The rights protected by the Human Rights Act 1998 exist to protect the fundamental rights of individuals. The law places obligations in relation to protecting human rights on “state actors”. The Department of Health, the National Health Service, police forces and prisons would clearly fall into the category of state actors as they are run by the government. The definition of “state actor” has been widened by statute by s.73 of the Care Act 2014 to include care homes where the care or support is arranged by the government or local authority, or paid for (directly or indirectly, and in whole or in part) by the government or a local authority. This will also apply to any placements treating those detained under the Mental Health Act 1984. 

Article 2 of the European Convention on Human Rights protects the right to life. The case of L.C.B. v. United Kingdom (14/1997/798/1001) made it clear there is a positive obligation for a state to “take appropriate steps to safeguard the lives of those within its jurisdiction”. The L.C.B principle was expanded in Oneryildiz v Turkey (application no. 48939/99). Where a state is aware of a risk, there is an obligation under Article 2 of the Convention to take such preventive operational measures as were necessary and sufficient to protect individuals.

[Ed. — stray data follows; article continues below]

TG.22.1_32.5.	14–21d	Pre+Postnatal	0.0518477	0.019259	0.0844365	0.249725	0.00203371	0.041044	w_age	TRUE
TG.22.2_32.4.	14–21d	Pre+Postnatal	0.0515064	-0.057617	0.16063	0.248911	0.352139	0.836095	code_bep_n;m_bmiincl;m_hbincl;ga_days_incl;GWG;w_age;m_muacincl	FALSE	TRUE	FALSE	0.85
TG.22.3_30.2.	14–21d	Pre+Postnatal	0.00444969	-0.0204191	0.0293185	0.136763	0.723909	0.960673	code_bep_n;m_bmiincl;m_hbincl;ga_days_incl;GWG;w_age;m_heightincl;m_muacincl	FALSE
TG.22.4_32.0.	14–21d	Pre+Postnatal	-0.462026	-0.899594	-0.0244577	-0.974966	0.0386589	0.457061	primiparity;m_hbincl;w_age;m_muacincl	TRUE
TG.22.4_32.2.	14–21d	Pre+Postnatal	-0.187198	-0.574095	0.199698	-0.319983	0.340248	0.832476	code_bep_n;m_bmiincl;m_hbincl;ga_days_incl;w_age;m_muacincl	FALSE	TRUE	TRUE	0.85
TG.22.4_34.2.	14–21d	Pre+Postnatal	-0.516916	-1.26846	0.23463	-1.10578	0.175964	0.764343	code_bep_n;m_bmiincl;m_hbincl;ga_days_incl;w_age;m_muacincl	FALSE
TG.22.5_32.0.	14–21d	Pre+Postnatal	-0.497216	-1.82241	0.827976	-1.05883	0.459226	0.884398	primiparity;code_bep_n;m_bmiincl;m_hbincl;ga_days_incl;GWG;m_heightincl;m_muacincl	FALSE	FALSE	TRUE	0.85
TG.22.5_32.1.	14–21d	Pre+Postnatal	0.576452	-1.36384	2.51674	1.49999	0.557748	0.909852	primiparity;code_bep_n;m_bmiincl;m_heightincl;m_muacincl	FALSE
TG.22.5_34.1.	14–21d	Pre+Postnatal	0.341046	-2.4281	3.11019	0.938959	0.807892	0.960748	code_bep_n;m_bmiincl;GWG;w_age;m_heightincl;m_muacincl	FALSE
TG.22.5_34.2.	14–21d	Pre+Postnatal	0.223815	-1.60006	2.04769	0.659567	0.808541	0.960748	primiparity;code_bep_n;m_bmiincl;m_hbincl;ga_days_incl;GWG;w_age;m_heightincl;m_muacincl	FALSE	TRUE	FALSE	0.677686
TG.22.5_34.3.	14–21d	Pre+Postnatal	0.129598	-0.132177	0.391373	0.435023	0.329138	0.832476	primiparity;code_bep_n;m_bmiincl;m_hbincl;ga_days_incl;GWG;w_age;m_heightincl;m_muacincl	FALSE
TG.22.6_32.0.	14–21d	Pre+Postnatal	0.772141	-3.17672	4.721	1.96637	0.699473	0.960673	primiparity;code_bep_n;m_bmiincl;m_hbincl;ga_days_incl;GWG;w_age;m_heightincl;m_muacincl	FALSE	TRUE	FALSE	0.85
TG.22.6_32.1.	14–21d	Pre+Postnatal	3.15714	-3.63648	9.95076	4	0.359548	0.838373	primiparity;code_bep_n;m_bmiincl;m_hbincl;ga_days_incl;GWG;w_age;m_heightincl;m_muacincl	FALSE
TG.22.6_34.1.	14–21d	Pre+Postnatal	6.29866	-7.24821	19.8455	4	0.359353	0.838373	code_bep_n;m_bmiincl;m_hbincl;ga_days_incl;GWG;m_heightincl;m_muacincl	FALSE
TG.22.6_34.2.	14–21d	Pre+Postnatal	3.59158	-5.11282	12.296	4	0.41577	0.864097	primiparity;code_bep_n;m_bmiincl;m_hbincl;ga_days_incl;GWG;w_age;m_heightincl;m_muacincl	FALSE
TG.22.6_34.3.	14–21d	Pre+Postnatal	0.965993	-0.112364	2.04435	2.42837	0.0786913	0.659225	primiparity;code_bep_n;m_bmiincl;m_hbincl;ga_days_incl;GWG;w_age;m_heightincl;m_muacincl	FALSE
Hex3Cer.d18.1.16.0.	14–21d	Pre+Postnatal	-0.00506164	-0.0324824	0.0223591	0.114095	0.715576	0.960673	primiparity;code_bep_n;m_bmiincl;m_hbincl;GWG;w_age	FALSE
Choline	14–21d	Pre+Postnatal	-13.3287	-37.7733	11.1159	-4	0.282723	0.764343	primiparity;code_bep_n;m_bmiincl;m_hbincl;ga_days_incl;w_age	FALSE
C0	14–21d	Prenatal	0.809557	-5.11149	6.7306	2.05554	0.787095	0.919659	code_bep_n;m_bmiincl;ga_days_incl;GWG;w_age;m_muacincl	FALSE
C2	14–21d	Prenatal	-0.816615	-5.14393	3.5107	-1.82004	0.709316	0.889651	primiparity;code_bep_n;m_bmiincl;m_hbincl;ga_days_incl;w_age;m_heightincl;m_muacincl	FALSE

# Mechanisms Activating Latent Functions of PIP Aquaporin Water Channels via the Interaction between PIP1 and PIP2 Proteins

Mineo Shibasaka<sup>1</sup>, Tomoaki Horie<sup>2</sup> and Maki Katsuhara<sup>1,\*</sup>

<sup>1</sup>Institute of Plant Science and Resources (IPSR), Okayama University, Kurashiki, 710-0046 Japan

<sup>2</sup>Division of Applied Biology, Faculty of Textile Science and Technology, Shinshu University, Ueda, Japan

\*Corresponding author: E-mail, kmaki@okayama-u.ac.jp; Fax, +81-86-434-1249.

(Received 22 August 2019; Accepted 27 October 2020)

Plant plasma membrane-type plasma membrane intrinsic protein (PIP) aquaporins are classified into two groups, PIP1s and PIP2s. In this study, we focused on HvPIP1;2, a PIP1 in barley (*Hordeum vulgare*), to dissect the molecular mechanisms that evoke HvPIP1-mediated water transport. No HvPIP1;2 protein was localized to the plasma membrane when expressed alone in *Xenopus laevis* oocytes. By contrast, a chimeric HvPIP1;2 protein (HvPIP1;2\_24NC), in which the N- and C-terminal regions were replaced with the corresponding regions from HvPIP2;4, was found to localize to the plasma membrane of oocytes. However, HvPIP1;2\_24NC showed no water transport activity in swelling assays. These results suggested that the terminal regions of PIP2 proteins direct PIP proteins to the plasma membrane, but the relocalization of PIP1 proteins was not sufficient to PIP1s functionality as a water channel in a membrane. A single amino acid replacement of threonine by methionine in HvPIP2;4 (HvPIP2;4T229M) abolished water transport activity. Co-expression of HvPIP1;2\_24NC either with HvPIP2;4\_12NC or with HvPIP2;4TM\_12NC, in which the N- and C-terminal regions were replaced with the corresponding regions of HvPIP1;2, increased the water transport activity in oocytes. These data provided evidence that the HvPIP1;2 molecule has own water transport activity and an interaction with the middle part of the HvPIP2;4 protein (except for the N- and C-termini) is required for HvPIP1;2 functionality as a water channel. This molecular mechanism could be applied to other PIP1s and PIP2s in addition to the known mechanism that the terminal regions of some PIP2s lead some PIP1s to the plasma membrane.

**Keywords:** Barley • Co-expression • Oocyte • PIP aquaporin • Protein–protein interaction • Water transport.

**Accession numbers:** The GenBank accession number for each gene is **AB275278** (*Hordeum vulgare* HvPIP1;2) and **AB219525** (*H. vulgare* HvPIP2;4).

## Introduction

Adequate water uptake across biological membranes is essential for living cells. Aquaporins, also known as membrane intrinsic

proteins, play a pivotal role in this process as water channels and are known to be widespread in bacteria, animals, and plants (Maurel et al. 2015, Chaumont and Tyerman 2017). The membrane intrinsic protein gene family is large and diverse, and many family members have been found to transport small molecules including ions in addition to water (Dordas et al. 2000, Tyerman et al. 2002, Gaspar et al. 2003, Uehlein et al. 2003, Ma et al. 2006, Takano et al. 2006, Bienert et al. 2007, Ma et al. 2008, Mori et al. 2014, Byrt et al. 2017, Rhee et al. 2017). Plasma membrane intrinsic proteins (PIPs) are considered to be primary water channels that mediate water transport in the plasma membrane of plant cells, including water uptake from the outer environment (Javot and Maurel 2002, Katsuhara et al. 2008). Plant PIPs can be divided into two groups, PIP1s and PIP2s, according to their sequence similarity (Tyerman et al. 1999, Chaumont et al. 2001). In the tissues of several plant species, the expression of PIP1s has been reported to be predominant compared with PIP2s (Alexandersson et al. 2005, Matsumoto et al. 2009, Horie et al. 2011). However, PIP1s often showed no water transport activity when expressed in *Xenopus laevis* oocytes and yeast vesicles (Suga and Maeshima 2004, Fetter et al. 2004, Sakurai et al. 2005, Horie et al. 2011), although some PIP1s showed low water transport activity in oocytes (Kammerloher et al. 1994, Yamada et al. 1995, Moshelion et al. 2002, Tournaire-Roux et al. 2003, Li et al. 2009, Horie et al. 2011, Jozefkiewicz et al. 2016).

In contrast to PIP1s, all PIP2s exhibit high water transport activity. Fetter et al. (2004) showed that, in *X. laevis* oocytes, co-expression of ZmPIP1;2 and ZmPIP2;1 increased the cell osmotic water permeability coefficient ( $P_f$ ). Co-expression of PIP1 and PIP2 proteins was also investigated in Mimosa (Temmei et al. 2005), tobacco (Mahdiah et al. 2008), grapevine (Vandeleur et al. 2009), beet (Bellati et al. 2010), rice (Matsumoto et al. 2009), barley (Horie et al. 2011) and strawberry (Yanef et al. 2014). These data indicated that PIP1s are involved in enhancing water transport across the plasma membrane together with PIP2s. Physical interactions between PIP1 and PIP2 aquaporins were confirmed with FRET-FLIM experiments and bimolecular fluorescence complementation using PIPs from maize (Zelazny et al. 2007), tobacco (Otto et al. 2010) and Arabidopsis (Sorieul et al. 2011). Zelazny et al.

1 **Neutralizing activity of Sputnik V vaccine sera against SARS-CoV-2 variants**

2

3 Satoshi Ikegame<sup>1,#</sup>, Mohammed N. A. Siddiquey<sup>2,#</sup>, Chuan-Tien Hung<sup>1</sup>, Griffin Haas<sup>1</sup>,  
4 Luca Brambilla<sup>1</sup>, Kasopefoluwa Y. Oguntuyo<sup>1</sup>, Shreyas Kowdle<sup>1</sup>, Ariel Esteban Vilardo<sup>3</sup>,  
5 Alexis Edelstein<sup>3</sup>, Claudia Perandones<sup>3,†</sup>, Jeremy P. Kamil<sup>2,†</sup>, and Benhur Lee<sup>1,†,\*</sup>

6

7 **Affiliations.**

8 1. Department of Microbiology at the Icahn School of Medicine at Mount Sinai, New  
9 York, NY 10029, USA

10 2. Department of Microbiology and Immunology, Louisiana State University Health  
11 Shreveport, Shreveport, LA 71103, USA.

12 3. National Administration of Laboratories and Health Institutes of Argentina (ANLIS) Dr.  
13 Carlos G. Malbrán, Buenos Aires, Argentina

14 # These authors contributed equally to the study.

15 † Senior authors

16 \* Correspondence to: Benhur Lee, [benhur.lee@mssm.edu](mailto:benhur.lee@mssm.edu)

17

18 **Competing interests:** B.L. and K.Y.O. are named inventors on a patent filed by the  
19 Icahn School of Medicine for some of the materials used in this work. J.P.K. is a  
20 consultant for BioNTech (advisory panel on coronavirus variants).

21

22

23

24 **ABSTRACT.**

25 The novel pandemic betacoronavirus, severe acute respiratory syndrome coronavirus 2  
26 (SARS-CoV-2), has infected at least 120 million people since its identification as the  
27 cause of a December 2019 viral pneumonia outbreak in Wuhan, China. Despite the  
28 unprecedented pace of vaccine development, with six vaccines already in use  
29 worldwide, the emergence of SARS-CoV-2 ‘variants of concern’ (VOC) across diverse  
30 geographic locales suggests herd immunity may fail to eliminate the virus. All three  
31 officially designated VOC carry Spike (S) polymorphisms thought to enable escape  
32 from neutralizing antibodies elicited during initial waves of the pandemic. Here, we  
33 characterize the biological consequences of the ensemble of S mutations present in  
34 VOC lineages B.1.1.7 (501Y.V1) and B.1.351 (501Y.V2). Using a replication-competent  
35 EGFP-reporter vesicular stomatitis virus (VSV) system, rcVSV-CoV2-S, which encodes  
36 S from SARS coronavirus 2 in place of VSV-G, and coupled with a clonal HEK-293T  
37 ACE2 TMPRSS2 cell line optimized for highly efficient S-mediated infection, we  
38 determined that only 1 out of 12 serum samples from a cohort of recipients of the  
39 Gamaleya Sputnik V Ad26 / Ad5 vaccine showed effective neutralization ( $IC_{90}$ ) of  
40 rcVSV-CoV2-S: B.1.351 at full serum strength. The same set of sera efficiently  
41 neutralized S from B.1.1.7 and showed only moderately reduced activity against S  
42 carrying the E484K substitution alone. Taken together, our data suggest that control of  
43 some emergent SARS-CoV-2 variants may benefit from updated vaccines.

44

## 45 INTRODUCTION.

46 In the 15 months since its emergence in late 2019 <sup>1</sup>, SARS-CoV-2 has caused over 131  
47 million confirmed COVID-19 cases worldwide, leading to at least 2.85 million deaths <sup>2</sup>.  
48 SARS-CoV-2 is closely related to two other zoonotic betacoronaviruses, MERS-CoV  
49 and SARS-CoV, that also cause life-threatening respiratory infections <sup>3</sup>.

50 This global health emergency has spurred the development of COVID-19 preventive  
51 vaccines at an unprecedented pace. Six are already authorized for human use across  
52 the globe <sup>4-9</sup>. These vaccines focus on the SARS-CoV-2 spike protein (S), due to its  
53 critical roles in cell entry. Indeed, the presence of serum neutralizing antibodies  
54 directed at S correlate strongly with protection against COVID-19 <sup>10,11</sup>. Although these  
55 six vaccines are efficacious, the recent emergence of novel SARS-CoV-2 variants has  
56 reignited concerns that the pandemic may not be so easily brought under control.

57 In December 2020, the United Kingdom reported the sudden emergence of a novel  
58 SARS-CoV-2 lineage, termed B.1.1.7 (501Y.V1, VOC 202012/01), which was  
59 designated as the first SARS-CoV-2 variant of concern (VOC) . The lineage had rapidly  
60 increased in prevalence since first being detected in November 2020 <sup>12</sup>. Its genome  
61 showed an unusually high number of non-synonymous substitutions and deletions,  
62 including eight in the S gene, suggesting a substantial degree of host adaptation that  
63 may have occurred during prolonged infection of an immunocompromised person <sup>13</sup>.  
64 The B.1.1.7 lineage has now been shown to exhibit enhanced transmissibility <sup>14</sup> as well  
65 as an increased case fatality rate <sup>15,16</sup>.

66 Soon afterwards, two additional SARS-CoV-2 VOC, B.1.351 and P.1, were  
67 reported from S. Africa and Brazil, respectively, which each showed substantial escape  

When we apply the above principles, it is clear that a failure to provide adequate PPE to those working in the NHS and other key workers, when the risk is clear and obvious, is capable of amounting to a breach of Article 2. The police and prison service have a positive obligation to officers, those detained and solicitors attending interviews to take positive steps to mitigate the risk posed by Covid-19.

The consequences of breaching Article 2 are that the government are left open to claims in relation to their failure. The first type of claim that could be brought is a judicial review which would force the government into complying with their obligations under the European Convention on Human Right and Human Rights Act 1998 by means of an injunction requiring them to act. It is also possible for someone to make a claim for compensation if that claim is made within one year of the alleged breach. 

One important way in which possible breaches of Article 2 are dealt with is by holding an inquest. Following the case of McCann v United Kingdom (21 ECHR 97 GC) the United Kingdom was placed under a positive obligation to undertake a fair and impartial investigation into any deaths in which Article 2 is engaged. If such a death is reported to the coroner, this should create a duty under s.1(4)b of the Coroners and Justice Act 2009 for a Senior Coroner to begin an investigation.

The state cannot continue to put lives at risk without putting adequate provision in place to protect key workers. We cannot continue to ask those who chose a career to save lives to go to work and risk losing their own. There is a clear legal obligation to act and this must be done now.